Neil Lyons

Freelance Web Developer based in the UK.

I tried to win $1,000 recently

All I needed to do was be one of the first ten comments on a YouTube video. To do that I wrote a little program that would post a comment whenever the video was published and hope I was faster than anyone else who had the same idea or anyone who was trying to post a comment manually.

That was the plan, but I wasn't quite fast enough. I actually had five people in total using this program and unfortunately none of us won.

I'm not even sure what position our comments came as there is no easy way to check. I do know we were in the top 3,000, as that is how many comments I saw when I clicked on the video myself. My guess is that we were actually in the top few hundred. As of 28th Dec 2019 the video has over 250,000 comments.

These are the people that won. No idea if they were bots like me or people that posted a comment manually.

The program works by receiving a POST request with an XML body that contains the new video ID. In order to get the XML sent to me I needed to register an endpoint with YouTube's Push Notifications API.

I then use this video ID to POST some JSON to YouTube's API that will insert the comment.

Before you can use YouTube's API you need to register an app with Google and then do the oauth2 dance for each user to get an access token.

To increase the odds of success I hosted the program in the US. I did this in the hope of reducing latency between my server and YouTube's Push Notifications server. Not sure if this helped as I don't know where their server is located, but my guess is the US as YouTube is a US company.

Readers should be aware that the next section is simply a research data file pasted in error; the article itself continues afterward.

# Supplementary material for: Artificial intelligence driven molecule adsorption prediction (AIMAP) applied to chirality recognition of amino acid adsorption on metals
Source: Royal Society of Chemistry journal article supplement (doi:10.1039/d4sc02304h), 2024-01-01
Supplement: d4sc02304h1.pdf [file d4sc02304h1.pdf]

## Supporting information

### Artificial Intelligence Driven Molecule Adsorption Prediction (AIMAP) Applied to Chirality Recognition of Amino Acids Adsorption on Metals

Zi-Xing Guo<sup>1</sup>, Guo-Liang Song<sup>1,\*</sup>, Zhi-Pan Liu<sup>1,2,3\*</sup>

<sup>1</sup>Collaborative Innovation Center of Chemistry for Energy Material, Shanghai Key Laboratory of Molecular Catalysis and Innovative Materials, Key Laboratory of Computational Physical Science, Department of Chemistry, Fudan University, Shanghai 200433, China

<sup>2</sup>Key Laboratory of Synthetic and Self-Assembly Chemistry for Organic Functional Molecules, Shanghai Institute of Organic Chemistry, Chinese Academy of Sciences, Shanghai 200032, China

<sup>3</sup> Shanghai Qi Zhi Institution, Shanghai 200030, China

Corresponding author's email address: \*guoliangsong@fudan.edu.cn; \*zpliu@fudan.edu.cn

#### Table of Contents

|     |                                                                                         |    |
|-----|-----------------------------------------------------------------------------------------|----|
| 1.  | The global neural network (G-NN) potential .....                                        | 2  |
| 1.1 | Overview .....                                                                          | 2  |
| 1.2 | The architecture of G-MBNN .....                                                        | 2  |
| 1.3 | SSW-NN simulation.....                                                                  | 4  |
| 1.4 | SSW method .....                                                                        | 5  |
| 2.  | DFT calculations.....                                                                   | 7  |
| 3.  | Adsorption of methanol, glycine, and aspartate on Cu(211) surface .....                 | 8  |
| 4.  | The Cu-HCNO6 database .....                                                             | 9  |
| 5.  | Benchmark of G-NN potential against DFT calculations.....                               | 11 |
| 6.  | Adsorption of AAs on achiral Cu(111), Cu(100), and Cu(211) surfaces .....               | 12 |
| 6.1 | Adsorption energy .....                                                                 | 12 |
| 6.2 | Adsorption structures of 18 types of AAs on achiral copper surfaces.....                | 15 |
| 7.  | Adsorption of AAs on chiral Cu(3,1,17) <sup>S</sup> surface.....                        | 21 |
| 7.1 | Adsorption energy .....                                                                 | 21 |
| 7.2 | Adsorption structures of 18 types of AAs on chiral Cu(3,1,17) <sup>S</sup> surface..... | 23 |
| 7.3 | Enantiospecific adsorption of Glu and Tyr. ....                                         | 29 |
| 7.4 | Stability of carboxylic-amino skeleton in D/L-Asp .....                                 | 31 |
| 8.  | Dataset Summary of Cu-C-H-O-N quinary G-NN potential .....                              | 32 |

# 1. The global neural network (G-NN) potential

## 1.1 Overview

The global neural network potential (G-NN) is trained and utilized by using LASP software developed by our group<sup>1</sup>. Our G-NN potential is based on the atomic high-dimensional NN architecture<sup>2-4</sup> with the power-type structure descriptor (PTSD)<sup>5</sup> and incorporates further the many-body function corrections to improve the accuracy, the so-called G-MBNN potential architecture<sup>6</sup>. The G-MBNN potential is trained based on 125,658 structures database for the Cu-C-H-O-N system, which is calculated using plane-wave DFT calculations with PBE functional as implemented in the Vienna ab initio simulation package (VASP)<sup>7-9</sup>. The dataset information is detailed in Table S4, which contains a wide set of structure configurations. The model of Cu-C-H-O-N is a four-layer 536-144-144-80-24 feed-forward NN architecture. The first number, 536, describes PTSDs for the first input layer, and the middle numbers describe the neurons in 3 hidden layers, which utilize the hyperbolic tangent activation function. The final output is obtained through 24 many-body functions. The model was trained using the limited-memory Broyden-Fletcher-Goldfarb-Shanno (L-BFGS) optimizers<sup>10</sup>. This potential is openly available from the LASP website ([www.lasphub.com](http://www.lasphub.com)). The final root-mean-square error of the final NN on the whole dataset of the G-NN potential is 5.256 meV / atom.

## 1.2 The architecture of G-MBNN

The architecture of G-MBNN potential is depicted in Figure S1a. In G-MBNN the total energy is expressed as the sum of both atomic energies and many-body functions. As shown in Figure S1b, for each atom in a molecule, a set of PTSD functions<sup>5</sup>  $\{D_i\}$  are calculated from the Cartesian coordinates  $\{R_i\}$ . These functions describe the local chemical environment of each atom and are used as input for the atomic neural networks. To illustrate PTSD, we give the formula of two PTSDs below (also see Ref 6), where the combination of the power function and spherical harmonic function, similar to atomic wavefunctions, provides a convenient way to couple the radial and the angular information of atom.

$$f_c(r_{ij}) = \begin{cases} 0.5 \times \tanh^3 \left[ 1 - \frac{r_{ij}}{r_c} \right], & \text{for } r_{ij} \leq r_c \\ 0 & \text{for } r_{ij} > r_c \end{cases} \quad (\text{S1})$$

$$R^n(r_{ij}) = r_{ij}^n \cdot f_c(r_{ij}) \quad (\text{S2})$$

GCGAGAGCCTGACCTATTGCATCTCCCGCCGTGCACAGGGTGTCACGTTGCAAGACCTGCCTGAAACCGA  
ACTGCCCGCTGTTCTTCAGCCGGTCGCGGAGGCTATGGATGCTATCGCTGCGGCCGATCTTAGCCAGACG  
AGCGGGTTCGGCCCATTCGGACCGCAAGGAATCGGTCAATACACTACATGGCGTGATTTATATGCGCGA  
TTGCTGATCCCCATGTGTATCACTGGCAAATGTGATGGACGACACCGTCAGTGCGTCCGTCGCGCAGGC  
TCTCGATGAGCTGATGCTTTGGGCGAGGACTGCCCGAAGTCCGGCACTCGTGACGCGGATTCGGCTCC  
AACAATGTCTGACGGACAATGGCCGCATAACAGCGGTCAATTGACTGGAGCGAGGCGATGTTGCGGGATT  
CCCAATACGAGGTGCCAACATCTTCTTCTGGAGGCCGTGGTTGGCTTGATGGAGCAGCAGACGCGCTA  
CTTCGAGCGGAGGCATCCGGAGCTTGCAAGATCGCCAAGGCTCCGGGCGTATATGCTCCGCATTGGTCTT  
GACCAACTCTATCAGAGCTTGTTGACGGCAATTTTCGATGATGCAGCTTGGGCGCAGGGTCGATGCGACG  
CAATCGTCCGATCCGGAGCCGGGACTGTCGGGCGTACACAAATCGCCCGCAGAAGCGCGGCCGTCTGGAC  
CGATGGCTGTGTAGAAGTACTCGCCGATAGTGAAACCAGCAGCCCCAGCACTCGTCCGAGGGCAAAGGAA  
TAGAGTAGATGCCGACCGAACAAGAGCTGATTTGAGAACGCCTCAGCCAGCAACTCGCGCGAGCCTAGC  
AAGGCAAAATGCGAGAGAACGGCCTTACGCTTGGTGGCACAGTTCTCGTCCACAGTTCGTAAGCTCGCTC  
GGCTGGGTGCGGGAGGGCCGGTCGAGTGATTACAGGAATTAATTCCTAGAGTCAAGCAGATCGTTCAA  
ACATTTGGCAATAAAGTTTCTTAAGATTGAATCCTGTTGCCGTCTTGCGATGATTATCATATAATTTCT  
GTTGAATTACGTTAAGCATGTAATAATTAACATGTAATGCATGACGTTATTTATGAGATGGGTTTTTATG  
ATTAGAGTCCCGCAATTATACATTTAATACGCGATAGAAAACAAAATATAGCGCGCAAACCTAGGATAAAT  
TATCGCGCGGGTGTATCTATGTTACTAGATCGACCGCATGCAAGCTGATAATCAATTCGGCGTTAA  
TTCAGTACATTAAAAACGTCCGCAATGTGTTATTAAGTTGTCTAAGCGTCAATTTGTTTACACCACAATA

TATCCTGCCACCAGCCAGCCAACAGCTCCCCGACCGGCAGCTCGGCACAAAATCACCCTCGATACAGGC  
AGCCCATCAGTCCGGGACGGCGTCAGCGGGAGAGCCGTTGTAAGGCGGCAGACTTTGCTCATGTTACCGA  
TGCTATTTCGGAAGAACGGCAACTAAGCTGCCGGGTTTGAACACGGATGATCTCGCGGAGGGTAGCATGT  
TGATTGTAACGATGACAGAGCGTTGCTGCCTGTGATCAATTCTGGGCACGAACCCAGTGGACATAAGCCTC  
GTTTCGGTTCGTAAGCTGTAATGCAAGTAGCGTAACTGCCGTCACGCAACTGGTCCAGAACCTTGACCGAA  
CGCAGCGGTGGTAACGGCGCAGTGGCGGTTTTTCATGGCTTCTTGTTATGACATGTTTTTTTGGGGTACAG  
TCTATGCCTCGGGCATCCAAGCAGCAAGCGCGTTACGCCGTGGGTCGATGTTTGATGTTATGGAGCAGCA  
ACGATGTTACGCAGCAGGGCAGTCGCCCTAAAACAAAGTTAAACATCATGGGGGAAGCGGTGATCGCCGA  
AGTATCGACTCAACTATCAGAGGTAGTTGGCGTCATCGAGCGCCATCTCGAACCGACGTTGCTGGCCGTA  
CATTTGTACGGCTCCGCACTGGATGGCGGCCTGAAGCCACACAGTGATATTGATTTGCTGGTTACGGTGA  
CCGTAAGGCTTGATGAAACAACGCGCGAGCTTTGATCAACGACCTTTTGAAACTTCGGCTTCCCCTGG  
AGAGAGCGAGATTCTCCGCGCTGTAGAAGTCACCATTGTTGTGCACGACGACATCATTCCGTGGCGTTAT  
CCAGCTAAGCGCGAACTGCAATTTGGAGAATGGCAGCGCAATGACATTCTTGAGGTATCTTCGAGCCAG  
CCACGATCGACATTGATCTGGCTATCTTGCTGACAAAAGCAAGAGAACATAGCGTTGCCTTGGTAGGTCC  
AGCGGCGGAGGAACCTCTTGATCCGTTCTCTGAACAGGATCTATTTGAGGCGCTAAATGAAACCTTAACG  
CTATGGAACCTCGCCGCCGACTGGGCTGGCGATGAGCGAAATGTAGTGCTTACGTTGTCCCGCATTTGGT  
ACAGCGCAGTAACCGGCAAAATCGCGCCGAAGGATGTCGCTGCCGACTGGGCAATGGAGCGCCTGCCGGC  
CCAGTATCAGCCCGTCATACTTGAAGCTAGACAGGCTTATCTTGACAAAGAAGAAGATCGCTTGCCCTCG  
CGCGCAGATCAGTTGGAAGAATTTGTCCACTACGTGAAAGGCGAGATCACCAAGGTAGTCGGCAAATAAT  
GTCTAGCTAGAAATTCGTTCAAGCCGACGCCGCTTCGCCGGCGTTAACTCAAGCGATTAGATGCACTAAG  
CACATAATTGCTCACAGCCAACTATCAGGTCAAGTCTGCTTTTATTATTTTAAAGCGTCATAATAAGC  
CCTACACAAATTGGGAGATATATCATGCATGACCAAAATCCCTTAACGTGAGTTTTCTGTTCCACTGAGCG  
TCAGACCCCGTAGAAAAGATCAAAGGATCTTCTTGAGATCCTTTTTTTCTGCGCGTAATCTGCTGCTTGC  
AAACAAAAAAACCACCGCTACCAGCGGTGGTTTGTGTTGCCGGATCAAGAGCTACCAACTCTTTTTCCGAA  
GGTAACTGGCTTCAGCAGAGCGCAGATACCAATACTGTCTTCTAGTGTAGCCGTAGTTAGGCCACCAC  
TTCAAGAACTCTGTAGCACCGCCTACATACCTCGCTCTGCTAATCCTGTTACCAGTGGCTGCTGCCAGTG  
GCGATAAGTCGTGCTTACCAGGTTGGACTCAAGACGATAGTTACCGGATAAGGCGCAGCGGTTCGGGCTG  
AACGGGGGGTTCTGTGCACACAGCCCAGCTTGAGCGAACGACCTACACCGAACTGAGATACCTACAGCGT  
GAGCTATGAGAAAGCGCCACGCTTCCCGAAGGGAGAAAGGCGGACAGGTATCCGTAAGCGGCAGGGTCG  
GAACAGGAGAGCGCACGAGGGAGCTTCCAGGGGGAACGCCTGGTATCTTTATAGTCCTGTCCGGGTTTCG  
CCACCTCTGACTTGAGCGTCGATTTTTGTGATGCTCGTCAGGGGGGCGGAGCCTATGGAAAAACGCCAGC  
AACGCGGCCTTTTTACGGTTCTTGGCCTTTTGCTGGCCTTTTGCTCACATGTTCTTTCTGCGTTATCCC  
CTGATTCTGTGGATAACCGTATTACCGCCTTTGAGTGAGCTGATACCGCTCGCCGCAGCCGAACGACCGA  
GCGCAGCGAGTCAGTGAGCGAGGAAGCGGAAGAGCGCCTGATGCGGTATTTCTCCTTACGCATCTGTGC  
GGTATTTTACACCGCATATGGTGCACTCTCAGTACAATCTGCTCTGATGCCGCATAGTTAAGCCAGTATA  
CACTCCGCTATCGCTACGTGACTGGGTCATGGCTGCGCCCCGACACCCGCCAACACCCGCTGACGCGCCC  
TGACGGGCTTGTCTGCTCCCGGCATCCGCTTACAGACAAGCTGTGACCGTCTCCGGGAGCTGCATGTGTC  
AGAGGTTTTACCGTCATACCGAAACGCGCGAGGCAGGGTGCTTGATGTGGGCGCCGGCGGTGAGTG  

I also rented a fast server (Heroku Performance M dyno). It is quite expensive to rent ($250 per month) but because I knew the exact time the video was to be published I only needed it for an hour. Which only cost $0.35.

As I was posting comments on behalf of several people I wanted to post the comments all at once. I normally use Python for everything but for this project I chose Elixir as it has a better concurrency story. I think this project would have worked fine with Python asyncio but with Elixir it is super easy and efficient to utilise all the cores on the server which you can't do as efficiently in Python plus I wanted to learn Elixir.

This is how you execute code in parallel. You just need to pass async_stream an Enumerable (In Python land this would be an iterable) and a function.

Task.async_stream(1..10, fn i ->
  IO.puts "Do some work on any CPU core with #{i}"
end) |>

If I had more time I would have used Erlang Term Storage (ETS) to cache my users in memory instead of performing a network request and fetching them from a Postgres database. In reality I don't think this would have made a big difference to the outcome. The main culprit is the fact that YouTube's Push Notification service isn't instant. There is definitly a few seconds delay between a video being published and the push notification event.

This was my first project with Elixir and I'm really impressed. For new comers to the language the mix tool to setup new projects and manage dependencies is fantastic.

Looking forward to building my next project in Elixir.